Networking is a valuable long-term play no matter what career path you’re aspiring to. However, it would be unrealistic to expect to have a connection into every company - or VC firm on your list. So how do you reach those “untouchables”? Again, it's a numbers game. Manage your recruiting process like a sales funnel. Create an excel spreadsheet of VC firms and include investment team members for each firm complete with whatever professional (and even personal) details you can find.
Before emailing, it's important to realize that VC partners are busy people. It’s more than likely your inquiry will not be high on their priority list, and it’s probable that it’ll get lost in an overflowing inbox. Keep cold emails short, but substantial. Track which firms have responded and which have not, and determine a cadence of follow-up for those who haven't responded. The goal is simply to get a reply.
3) Be(come) an expert.
The best VC recruiting advice is to become an expert within an industry. Becoming an expert means forming an investment thesis, picking winners in the industry, understanding the competitive landscape and differentiators, making contacts, and writing relevant blogs or tweets. Even the most well-known VCs have an industry focus, such as cybersecurity, artificial intelligence, payments, or infrastructure software.
4) Focus on your strengths and tell a story.
Among the hundreds or thousands of applicants for any given job, there will always be candidates with more relevant experience, more education, or closer connections with decision makers. Those are aspects you can't control. What you can control, however, is how you tell your story. Become a marketer of your product. What are your customers’ needs and how does your product address those needs in a way that others don't? Candidates don't realize that interview questions such as "tell me about yourself" or "walk me through your resume" are often the most important and advantageous questions asked. It's an opportunity to tell your story and steer the conversation in whatever direction you choose. These questions are not an invitation to list every role and responsibility you've ever had but rather convey your knowledge and differentiator.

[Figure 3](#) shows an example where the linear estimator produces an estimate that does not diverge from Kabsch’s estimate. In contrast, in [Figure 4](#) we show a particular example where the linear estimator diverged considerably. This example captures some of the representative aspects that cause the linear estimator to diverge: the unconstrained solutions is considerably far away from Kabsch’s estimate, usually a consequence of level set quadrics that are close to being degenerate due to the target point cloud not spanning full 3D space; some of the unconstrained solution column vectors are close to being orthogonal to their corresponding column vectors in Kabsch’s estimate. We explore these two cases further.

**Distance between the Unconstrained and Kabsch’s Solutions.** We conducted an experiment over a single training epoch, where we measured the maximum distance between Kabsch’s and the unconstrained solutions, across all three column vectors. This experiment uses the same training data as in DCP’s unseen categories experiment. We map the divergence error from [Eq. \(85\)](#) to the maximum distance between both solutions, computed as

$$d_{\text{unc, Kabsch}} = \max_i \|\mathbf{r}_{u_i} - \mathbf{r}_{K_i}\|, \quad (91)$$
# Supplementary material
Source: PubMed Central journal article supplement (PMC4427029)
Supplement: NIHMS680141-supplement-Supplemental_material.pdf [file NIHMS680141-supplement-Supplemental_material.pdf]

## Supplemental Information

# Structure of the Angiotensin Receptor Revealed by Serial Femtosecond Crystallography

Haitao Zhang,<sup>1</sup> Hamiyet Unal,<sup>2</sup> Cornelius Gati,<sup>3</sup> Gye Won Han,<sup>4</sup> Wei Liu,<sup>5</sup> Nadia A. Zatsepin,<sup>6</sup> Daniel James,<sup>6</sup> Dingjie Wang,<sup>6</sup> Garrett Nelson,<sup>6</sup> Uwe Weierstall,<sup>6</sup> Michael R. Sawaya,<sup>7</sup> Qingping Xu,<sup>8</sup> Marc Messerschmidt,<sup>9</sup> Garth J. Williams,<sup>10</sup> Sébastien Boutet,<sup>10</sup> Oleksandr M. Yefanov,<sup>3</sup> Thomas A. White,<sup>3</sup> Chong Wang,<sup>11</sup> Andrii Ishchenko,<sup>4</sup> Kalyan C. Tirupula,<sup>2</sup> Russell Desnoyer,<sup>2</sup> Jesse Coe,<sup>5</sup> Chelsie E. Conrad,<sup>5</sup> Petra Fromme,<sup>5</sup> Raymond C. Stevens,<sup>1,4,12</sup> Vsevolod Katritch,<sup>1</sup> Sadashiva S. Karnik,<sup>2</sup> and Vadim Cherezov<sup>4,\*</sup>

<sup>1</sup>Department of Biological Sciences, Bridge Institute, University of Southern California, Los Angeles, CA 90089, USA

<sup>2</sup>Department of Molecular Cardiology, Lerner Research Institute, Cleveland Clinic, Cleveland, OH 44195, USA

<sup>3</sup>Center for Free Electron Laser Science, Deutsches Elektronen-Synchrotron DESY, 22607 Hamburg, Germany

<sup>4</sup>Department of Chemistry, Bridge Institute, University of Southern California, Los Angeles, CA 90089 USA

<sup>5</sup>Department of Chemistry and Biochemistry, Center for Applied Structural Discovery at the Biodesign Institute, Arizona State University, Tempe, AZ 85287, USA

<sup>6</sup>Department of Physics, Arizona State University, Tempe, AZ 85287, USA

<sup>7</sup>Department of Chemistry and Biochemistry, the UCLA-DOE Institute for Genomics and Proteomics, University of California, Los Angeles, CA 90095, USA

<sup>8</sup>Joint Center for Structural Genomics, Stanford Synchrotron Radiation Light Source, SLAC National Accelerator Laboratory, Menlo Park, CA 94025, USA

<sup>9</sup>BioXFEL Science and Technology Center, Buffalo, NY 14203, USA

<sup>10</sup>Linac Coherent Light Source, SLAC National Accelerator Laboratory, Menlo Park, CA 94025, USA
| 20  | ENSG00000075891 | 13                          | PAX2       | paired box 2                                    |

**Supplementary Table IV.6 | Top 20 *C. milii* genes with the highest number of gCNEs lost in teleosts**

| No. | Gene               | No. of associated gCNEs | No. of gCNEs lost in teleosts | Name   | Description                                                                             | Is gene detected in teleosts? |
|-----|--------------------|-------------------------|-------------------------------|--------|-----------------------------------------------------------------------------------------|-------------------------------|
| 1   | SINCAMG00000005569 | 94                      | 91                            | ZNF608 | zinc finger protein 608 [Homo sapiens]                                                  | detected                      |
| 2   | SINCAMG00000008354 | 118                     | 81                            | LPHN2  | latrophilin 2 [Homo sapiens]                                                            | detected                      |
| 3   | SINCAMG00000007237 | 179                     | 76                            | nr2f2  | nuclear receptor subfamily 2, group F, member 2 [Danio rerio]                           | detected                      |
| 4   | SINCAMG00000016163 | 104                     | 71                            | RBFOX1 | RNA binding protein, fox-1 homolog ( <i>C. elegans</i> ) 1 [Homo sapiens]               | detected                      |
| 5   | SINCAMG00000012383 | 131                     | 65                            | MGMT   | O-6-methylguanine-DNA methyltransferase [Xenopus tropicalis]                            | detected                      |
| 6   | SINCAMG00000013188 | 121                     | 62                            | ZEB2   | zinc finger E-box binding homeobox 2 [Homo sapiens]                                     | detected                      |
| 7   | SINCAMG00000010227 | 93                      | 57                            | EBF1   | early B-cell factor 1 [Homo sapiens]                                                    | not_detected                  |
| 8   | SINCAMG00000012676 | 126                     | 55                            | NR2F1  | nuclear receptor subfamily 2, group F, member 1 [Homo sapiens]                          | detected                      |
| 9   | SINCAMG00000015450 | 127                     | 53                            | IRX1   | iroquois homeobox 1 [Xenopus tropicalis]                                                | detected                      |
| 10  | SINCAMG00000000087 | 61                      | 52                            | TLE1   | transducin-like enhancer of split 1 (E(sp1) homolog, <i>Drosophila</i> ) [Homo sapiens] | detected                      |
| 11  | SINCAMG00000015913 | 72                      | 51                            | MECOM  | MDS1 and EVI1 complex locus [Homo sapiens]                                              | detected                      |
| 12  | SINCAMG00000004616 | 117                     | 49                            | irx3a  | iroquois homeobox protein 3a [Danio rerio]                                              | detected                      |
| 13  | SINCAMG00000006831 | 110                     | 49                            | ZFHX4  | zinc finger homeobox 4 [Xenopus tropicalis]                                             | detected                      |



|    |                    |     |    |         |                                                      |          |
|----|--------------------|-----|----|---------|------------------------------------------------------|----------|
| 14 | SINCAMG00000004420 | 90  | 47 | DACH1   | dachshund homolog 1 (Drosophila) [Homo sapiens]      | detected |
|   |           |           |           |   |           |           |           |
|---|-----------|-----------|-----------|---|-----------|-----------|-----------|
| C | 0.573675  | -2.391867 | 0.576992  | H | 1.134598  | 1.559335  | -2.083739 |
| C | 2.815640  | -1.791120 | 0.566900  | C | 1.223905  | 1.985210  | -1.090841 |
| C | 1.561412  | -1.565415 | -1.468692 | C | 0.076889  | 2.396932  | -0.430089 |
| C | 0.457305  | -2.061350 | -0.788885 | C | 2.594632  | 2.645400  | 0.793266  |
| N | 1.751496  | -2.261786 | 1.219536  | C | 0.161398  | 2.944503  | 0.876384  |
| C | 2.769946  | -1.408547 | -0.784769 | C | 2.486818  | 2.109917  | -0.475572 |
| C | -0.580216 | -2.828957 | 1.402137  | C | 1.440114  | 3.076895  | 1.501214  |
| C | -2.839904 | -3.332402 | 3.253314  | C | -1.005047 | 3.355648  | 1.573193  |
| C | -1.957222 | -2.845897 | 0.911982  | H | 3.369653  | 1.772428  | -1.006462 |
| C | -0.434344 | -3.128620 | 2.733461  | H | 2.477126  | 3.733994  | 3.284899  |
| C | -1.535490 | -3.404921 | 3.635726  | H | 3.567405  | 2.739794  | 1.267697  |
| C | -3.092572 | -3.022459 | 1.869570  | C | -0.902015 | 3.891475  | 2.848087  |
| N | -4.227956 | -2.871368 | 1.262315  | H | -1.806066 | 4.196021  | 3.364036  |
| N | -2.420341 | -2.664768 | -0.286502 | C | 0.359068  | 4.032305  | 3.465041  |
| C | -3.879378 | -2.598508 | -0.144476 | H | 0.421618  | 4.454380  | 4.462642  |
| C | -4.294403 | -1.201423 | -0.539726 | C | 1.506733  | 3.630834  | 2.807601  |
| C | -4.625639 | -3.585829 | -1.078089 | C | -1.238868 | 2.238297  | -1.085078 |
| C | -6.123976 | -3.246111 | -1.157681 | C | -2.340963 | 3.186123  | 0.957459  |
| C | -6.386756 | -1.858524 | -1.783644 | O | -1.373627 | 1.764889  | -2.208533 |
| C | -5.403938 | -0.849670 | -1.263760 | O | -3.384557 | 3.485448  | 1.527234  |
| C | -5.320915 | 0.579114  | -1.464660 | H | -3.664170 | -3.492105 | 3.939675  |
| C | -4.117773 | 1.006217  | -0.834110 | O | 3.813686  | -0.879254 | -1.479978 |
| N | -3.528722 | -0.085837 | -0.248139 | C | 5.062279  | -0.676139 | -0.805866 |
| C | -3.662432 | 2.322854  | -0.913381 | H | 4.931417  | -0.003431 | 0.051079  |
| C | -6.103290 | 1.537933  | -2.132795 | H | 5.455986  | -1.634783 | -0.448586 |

The VC recruiting process can often be grueling. Multiple interviews with the same people, taken in forms of coffees, drinks, conversations and even dinners. It's important to remember that although the odds are lean, the job search is a two-way street. Just as the firm is getting to know you from various angles, take the same opportunity to learn about the person sitting across the table from you and the firm they represent. Do you share similar values? What are their aspirations for the firm? What are their expectations of you? What is their leadership style? How do they react to negative situations? Start reaching out to your network to gain outside perspective on the firm and its team.
Ask yourself: in this game of beating the odds, are you even choosing the right sport? Think of yourself as an interviewer of your prospective employer, too. After all, you spend more time at your job than anywhere else, so you want to make sure you are choosing your employer as much as they are choosing you.